Many people wonder how to implement Infrastructure as Code with Ansible. In this article, we covered how to implement Infrastructure as Code with Ansible.
What Is Infrastructure as Code?
To simplify the approach, consider your infrastructure as a picture (end-state) and the primary features (configuration) that would be used to define it.
You should be able to duplicate the image at any time using this information, and the outcome should always be identical to the original.
There are several tools and ways for implementing this strategy, but the critical point to remember is that you must also modify your management processes to transition from the classic imperative model to the infrastructure as code declarative one.
What Is Ansible? How to Implement Infrastructure as Code with Ansible
In a nutshell, Ansible is a program that enables you to automate processes in order to attain the desired state in a system. A job may be as basic as specifying a package to be installed, stating web server settings, or even putting up a complete deployment orchestration.
There are several methods to install Ansible, but the ideal option is via your Linux distribution package manager. For instance, to install it on RHEL or CentOS, just run the following command:
$ sudo yum install ansible
The program will download and install Ansible, as well as any required dependencies.
Additionally, you may run Ansible from its source code or install it via pip (the Python package manager).
Basic Concepts & Terms
Host: A remote Ansible-managed system
Group: Multiple hosts that share a characteristic are grouped together as a group.
Inventory: Ansible’s inventory is a list of all the hosts and groups it controls. This might be a static file in basic circumstances, or we could get the inventory from external sources, such as cloud providers.
Modules: Code units that Ansible distributes to distant nodes for execution.
Tasks: Action units composed of a module and its arguments, as well as certain additional parameters.
Playbook: Hierarchical array of tasks and their associated parameters that provide a blueprint for configuring a system.
Roles: Re-usable organizational units that enable users to collaborate more easily on automation code.
YAML: A widely used and straightforward data format that is very clean and human-readable.
Push mode is the most often used mode of Ansible. In push mode, Ansible connects to each host in the inventory file and executes all the plays described in the playbook, doing tasks on hosts that are involved in a given play.
There is no need for the target hosts to have an agent or any other software running. Ansible will establish a connection to them over SSH, but this is not the only method.
Ansible tasks are intended to be idempotent, which means that they may be executed again without resulting in new modifications. This implies that you may re-run Ansible playbooks as you refine and expand your automation. If any tasks fail, you can re-run the whole playbook.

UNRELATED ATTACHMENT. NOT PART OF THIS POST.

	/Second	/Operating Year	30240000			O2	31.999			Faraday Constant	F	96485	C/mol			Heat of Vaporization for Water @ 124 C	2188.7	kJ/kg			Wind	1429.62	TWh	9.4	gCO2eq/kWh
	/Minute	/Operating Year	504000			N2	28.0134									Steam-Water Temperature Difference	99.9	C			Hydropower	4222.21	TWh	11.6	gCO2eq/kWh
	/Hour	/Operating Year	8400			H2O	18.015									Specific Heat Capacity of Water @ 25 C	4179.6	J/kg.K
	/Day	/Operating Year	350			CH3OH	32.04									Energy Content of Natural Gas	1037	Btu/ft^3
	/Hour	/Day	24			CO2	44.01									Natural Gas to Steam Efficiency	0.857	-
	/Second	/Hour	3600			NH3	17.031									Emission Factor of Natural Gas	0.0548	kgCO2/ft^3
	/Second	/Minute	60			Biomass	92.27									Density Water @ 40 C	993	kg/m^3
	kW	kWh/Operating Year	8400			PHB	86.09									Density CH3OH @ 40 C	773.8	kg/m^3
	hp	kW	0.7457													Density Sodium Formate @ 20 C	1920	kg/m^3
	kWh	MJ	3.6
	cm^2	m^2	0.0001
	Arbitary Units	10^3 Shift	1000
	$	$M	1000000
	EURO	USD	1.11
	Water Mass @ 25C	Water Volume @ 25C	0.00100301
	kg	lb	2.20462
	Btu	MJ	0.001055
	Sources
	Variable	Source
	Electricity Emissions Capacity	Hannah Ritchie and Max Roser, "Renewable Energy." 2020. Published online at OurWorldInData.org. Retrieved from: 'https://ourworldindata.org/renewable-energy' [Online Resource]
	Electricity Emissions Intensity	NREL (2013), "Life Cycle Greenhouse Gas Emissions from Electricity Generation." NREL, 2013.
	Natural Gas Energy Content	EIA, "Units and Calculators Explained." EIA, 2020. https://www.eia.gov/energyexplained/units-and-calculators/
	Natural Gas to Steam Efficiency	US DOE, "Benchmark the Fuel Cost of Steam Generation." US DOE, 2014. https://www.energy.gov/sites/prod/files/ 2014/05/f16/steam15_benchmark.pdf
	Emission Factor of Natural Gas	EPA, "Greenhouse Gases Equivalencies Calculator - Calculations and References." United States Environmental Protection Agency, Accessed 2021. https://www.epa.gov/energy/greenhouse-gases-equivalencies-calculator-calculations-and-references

This is an example of a basic Ansible inventory file:
192.168.1.23 [db] 10.2.14.23 [webservers] server1.domain.com server2.domain.org
As you can see, it is nothing more than a collection of IP addresses and fully qualified domain names. It may, however, incorporate ranges or custom scripts to get all hosts on which the playbooks will be performed. Additionally, the text shown in squares assists in defining a group of hosts. When a group is specified in the playbook, Ansible will connect to just the hosts included inside it.
This is a playbook example from Ansible documentation:
--- - hosts: webservers remote_user: yourname tasks: - service: name: nginx state: started become: yes become_method: sudo
The playbook instructs Ansible to use the supplied user to connect to each host in the group webservers. Following that, it will execute sudo to get the necessary rights to verify that the Nginx service is running. If not, the tasks will initiate it. Nothing will be performed if the service is already running.
As shown before, the playbook is a YAML file. It’s quite simple to read, which means that any member of your team will understand what’s going on with the tasks being completed.
We now have a playbook and an inventory. All that remains is to run Ansible. This is the procedure:
$ ansible-playbook playbook.yml
Following execution, all hosts in the webservers group will automatically have the nginx service running.
The Last Step
We are not finished yet! Now that you understand how playbooks function, we need to ensure that they are accessible to everyone on your team, as well as updated and executed again as needed. Due to the fact that all Ansible configurations are saved as unencrypted files, they may simply be added to source control management.
Configurations may then be enhanced, changed, or audited. There will be no need to log into each host to verify or evaluate the setup. However, if this occurs for whatever reason, all you need to do is re-execute Ansible.
At this point, I trust you understand the value of automation and how it may assist you in optimizing your application development and deployment processes. Now is the time to get started. Have some fun!
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